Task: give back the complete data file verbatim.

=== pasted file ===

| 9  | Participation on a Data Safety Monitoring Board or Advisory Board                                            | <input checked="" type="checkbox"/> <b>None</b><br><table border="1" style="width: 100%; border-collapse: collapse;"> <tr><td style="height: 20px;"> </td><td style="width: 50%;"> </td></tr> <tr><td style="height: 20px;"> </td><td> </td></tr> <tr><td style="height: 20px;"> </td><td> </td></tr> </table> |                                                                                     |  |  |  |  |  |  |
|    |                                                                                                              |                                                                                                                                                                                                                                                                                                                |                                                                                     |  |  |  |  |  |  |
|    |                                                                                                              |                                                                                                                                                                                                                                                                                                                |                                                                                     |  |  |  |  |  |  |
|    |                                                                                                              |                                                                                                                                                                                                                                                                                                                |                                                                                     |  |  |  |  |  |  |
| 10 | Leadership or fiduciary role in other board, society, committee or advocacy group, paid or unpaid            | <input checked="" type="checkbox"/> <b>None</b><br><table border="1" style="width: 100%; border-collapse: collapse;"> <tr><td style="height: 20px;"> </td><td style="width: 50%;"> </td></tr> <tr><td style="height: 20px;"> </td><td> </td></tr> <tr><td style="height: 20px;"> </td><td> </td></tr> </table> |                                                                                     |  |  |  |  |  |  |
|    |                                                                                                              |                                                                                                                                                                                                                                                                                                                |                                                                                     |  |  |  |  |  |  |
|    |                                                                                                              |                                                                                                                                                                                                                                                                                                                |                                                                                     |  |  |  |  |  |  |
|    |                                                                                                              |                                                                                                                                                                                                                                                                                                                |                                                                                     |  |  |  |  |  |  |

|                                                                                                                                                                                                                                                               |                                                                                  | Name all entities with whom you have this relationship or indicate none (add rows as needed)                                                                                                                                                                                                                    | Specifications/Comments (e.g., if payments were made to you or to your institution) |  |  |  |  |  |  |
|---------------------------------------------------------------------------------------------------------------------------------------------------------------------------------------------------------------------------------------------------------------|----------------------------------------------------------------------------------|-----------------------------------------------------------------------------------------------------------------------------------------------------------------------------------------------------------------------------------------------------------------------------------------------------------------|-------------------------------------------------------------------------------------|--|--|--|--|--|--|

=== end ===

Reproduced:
| 9  | Participation on a Data Safety Monitoring Board or Advisory Board                                            | <input checked="" type="checkbox"/> <b>None</b><br><table border="1" style="width: 100%; border-collapse: collapse;"> <tr><td style="height: 20px;"> </td><td style="width: 50%;"> </td></tr> <tr><td style="height: 20px;"> </td><td> </td></tr> <tr><td style="height: 20px;"> </td><td> </td></tr> </table> |                                                                                     |  |  |  |  |  |  |
|    |                                                                                                              |                                                                                                                                                                                                                                                                                                                |                                                                                     |  |  |  |  |  |  |
|    |                                                                                                              |                                                                                                                                                                                                                                                                                                                |                                                                                     |  |  |  |  |  |  |
|    |                                                                                                              |                                                                                                                                                                                                                                                                                                                |                                                                                     |  |  |  |  |  |  |
| 10 | Leadership or fiduciary role in other board, society, committee or advocacy group, paid or unpaid            | <input checked="" type="checkbox"/> <b>None</b><br><table border="1" style="width: 100%; border-collapse: collapse;"> <tr><td style="height: 20px;"> </td><td style="width: 50%;"> </td></tr> <tr><td style="height: 20px;"> </td><td> </td></tr> <tr><td style="height: 20px;"> </td><td> </td></tr> </table> |                                                                                     |  |  |  |  |  |  |
|    |                                                                                                              |                                                                                                                                                                                                                                                                                                                |                                                                                     |  |  |  |  |  |  |
|    |                                                                                                              |                                                                                                                                                                                                                                                                                                                |                                                                                     |  |  |  |  |  |  |
|    |                                                                                                              |                                                                                                                                                                                                                                                                                                                |                                                                                     |  |  |  |  |  |  |

|                                                                                                                                                                                                                                                               |                                                                                  | Name all entities with whom you have this relationship or indicate none (add rows as needed)                                                                                                                                                                                                                    | Specifications/Comments (e.g., if payments were made to you or to your institution) |  |  |  |  |  |  |
|---------------------------------------------------------------------------------------------------------------------------------------------------------------------------------------------------------------------------------------------------------------|----------------------------------------------------------------------------------|-----------------------------------------------------------------------------------------------------------------------------------------------------------------------------------------------------------------------------------------------------------------------------------------------------------------|-------------------------------------------------------------------------------------|--|--|--|--|--|--|